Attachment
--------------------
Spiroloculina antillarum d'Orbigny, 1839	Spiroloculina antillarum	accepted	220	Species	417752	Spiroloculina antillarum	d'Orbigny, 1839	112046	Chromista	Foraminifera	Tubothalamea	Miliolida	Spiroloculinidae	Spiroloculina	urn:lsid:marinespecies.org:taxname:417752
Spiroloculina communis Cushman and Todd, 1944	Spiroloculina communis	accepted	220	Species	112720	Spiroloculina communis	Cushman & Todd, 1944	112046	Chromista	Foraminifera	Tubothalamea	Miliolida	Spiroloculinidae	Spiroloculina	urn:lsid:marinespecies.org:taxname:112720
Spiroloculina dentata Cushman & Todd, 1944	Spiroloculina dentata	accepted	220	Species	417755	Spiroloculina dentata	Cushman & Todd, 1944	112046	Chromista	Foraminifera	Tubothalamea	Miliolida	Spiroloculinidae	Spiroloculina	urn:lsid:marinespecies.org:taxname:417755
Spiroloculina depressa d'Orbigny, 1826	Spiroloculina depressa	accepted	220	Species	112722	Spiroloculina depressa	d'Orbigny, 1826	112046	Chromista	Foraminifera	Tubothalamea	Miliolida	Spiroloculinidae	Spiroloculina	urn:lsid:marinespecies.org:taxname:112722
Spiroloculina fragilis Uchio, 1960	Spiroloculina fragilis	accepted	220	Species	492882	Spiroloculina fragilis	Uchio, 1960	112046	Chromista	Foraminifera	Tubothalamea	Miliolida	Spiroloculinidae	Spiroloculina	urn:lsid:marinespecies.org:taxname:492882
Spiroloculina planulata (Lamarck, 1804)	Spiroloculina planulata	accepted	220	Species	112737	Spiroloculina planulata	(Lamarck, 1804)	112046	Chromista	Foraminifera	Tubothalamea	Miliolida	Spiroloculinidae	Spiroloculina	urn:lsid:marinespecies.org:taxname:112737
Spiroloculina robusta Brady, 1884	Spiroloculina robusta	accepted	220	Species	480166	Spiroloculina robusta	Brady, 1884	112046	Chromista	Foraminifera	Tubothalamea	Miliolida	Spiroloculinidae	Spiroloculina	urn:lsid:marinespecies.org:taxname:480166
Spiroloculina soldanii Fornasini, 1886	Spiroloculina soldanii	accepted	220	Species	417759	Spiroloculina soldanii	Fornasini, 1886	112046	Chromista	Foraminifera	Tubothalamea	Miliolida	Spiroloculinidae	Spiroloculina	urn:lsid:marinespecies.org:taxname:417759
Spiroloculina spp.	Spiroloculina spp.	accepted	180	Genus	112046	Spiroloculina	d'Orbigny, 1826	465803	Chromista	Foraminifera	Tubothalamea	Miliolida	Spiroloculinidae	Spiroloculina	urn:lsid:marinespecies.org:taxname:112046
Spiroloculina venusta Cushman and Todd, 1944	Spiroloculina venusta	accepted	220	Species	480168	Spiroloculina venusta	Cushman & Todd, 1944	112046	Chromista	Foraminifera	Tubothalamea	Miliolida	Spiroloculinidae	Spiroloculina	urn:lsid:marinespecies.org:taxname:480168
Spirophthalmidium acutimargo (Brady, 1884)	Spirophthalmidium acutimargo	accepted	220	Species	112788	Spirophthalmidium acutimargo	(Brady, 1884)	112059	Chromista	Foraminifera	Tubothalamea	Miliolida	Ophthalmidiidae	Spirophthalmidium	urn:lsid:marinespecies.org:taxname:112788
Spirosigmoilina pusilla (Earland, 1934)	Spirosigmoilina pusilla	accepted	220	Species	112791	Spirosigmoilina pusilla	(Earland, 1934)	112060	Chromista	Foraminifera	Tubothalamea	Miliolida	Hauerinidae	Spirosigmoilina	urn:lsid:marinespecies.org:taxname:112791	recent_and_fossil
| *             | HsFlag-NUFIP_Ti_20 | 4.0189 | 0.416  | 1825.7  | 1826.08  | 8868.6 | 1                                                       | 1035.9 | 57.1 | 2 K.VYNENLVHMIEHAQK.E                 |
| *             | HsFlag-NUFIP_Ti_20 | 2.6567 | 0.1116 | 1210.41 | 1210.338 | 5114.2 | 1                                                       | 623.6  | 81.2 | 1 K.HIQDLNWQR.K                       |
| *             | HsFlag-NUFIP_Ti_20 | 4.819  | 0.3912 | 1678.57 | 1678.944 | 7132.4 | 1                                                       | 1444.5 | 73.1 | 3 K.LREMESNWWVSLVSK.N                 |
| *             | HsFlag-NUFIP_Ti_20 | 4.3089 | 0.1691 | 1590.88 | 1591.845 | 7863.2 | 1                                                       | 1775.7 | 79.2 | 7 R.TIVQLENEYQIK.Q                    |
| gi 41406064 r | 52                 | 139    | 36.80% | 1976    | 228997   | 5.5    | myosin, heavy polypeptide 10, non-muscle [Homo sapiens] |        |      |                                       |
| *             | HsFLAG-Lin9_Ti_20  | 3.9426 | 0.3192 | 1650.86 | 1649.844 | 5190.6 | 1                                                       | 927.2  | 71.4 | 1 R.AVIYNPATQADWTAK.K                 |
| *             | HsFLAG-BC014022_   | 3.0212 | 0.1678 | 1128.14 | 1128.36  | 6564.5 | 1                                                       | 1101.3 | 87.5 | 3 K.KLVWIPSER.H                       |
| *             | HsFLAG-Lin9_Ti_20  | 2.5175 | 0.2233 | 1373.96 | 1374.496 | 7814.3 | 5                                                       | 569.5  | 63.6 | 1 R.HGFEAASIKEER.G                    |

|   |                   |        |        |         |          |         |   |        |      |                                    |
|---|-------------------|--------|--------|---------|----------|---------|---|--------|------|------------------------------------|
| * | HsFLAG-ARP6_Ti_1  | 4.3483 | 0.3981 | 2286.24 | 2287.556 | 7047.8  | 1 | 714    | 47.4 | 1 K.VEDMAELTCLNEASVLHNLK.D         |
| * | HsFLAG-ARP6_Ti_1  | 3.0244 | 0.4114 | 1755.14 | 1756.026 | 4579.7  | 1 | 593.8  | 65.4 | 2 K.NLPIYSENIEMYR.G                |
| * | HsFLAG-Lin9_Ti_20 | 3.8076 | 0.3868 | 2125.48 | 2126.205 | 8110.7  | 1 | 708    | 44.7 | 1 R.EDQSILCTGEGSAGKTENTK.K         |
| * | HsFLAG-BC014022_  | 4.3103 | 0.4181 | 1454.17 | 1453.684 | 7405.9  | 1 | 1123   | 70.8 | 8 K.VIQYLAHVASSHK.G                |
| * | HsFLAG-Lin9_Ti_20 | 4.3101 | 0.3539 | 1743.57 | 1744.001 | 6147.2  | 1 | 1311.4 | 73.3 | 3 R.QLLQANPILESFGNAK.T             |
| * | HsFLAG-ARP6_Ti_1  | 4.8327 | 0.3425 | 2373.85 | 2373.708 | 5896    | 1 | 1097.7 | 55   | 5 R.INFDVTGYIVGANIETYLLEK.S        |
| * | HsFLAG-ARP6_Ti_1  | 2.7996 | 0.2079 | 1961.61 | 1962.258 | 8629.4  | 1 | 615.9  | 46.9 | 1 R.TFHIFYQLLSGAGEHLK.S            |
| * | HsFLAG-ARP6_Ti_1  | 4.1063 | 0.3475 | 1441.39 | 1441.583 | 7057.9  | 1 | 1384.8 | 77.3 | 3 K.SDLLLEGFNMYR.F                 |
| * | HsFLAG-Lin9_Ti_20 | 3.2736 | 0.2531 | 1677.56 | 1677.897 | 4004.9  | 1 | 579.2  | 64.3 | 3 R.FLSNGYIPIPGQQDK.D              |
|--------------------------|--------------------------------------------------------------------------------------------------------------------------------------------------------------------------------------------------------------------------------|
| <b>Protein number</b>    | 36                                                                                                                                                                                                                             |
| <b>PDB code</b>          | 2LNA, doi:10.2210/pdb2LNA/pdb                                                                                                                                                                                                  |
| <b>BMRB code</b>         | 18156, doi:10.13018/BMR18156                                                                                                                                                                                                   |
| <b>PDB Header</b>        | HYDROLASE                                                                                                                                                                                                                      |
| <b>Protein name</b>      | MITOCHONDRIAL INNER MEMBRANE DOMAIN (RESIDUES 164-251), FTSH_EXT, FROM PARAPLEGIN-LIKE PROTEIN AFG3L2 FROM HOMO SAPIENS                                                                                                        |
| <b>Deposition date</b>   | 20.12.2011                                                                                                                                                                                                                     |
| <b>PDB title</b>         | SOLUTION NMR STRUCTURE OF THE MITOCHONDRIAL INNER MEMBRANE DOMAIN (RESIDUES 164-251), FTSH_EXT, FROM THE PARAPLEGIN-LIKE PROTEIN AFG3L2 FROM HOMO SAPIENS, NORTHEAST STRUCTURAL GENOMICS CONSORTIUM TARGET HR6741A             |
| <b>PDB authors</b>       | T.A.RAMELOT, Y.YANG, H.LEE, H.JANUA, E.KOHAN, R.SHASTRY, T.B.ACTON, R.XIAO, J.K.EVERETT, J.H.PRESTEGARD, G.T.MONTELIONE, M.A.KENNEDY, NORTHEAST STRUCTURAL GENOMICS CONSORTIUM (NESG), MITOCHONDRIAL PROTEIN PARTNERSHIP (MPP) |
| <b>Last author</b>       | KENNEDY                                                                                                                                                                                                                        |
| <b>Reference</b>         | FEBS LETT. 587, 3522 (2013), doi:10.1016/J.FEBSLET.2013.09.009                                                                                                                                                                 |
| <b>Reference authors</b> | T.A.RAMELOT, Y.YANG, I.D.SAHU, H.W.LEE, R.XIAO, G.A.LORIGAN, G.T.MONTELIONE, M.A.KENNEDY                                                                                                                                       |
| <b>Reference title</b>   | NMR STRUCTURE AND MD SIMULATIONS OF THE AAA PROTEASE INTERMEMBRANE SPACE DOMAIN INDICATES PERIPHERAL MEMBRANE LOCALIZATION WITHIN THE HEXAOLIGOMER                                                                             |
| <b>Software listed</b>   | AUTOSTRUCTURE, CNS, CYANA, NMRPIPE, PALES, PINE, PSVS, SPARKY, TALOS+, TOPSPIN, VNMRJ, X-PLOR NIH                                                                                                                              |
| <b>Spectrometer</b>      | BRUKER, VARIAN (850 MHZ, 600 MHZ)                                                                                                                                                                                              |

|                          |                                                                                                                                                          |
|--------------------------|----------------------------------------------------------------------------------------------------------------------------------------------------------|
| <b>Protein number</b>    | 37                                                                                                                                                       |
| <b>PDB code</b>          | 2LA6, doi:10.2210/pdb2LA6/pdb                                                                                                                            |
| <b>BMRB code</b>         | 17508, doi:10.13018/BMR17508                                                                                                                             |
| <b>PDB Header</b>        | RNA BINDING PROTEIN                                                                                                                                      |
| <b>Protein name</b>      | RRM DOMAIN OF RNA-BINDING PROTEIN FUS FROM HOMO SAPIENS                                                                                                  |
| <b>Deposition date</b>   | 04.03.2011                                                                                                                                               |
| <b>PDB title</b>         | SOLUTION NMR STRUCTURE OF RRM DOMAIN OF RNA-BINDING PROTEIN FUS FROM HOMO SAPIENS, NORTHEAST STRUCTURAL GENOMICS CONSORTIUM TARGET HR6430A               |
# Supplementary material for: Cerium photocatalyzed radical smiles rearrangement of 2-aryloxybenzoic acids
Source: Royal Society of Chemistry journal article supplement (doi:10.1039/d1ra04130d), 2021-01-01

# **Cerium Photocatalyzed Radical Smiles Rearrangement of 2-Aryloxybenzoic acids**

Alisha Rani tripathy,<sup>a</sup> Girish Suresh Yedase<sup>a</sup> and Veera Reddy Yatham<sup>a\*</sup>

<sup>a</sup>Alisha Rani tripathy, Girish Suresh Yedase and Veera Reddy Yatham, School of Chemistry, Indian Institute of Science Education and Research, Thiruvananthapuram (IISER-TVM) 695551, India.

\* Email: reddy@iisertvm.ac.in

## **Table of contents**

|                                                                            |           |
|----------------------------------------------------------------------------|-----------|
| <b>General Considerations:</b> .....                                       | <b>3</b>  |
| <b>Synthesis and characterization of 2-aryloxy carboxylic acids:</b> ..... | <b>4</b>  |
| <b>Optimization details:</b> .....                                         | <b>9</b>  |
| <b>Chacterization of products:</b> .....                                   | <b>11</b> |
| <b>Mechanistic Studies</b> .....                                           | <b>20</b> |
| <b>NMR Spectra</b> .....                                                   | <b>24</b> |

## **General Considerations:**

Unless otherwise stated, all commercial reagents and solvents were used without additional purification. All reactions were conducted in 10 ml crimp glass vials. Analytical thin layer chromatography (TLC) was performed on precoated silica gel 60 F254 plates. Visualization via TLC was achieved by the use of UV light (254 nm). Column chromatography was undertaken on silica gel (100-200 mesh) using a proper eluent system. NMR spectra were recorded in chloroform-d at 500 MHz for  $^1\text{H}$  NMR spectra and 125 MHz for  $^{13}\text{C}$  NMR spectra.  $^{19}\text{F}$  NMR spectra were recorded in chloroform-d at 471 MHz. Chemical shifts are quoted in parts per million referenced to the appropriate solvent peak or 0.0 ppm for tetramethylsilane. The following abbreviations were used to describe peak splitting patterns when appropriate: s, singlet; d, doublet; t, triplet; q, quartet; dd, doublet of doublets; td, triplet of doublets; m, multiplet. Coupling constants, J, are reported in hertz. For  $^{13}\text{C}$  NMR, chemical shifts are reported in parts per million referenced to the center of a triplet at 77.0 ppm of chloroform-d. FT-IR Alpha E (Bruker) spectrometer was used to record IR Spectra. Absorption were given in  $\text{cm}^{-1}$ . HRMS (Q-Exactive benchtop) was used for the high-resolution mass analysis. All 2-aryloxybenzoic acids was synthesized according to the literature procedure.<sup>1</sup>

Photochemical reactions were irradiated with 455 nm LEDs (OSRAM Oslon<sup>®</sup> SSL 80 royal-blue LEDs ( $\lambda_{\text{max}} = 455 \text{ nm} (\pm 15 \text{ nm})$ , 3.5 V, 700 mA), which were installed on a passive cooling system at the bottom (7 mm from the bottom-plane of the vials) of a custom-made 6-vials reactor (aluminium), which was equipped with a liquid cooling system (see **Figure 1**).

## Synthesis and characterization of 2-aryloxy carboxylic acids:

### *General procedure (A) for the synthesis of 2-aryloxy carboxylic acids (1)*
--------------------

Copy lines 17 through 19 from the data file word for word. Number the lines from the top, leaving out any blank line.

| gi 41406064 r | 52                 | 139    | 36.80% | 1976    | 228997   | 5.5    | myosin, heavy polypeptide 10, non-muscle [Homo sapiens] |        |      |                                       |
| *             | HsFLAG-Lin9_Ti_20  | 3.9426 | 0.3192 | 1650.86 | 1649.844 | 5190.6 | 1                                                       | 927.2  | 71.4 | 1 R.AVIYNPATQADWTAK.K                 |
| *             | HsFLAG-BC014022_   | 3.0212 | 0.1678 | 1128.14 | 1128.36  | 6564.5 | 1                                                       | 1101.3 | 87.5 | 3 K.KLVWIPSER.H                       |